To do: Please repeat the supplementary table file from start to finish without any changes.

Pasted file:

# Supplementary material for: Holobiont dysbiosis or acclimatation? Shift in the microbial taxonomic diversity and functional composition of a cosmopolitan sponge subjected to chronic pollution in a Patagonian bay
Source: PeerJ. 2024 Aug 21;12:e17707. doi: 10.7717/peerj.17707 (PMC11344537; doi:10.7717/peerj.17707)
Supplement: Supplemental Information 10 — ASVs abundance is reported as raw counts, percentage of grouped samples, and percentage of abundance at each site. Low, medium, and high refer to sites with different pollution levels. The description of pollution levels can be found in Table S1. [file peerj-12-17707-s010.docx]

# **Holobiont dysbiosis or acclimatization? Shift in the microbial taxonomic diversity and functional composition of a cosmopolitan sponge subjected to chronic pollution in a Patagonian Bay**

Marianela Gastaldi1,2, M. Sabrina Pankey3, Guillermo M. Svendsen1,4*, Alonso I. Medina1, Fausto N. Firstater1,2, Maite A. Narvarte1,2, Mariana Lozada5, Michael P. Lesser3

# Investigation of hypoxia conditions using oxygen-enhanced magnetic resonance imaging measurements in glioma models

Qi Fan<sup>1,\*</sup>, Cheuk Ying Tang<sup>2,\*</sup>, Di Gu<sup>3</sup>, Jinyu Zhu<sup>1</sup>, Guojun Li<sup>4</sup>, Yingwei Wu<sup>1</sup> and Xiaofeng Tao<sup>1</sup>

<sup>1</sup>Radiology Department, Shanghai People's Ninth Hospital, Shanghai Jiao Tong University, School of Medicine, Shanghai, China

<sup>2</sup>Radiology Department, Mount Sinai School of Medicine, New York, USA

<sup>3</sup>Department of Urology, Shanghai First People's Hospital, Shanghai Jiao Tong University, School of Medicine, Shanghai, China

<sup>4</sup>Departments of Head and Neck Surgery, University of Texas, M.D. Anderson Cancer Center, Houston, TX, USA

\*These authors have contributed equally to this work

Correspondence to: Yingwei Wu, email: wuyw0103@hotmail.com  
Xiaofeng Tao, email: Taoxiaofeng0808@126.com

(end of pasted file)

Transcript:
# Supplementary material for: Holobiont dysbiosis or acclimatation? Shift in the microbial taxonomic diversity and functional composition of a cosmopolitan sponge subjected to chronic pollution in a Patagonian bay
Source: PeerJ. 2024 Aug 21;12:e17707. doi: 10.7717/peerj.17707 (PMC11344537; doi:10.7717/peerj.17707)
Supplement: Supplemental Information 10 — ASVs abundance is reported as raw counts, percentage of grouped samples, and percentage of abundance at each site. Low, medium, and high refer to sites with different pollution levels. The description of pollution levels can be found in Table S1. [file peerj-12-17707-s010.docx]

# **Holobiont dysbiosis or acclimatization? Shift in the microbial taxonomic diversity and functional composition of a cosmopolitan sponge subjected to chronic pollution in a Patagonian Bay**

Marianela Gastaldi1,2, M. Sabrina Pankey3, Guillermo M. Svendsen1,4*, Alonso I. Medina1, Fausto N. Firstater1,2, Maite A. Narvarte1,2, Mariana Lozada5, Michael P. Lesser3

# Investigation of hypoxia conditions using oxygen-enhanced magnetic resonance imaging measurements in glioma models

Qi Fan<sup>1,\*</sup>, Cheuk Ying Tang<sup>2,\*</sup>, Di Gu<sup>3</sup>, Jinyu Zhu<sup>1</sup>, Guojun Li<sup>4</sup>, Yingwei Wu<sup>1</sup> and Xiaofeng Tao<sup>1</sup>

<sup>1</sup>Radiology Department, Shanghai People's Ninth Hospital, Shanghai Jiao Tong University, School of Medicine, Shanghai, China

<sup>2</sup>Radiology Department, Mount Sinai School of Medicine, New York, USA

<sup>3</sup>Department of Urology, Shanghai First People's Hospital, Shanghai Jiao Tong University, School of Medicine, Shanghai, China

<sup>4</sup>Departments of Head and Neck Surgery, University of Texas, M.D. Anderson Cancer Center, Houston, TX, USA

\*These authors have contributed equally to this work

Correspondence to: Yingwei Wu, email: wuyw0103@hotmail.com  
Xiaofeng Tao, email: Taoxiaofeng0808@126.com